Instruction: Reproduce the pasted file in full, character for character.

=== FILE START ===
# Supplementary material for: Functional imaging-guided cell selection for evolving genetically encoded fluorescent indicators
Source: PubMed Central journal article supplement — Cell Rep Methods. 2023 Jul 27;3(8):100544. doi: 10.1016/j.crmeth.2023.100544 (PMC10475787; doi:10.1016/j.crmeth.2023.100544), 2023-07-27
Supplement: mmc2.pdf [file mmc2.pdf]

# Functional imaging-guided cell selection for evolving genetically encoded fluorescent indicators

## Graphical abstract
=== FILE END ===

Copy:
# Supplementary material for: Functional imaging-guided cell selection for evolving genetically encoded fluorescent indicators
Source: PubMed Central journal article supplement — Cell Rep Methods. 2023 Jul 27;3(8):100544. doi: 10.1016/j.crmeth.2023.100544 (PMC10475787; doi:10.1016/j.crmeth.2023.100544), 2023-07-27
Supplement: mmc2.pdf [file mmc2.pdf]

# Functional imaging-guided cell selection for evolving genetically encoded fluorescent indicators

## Graphical abstract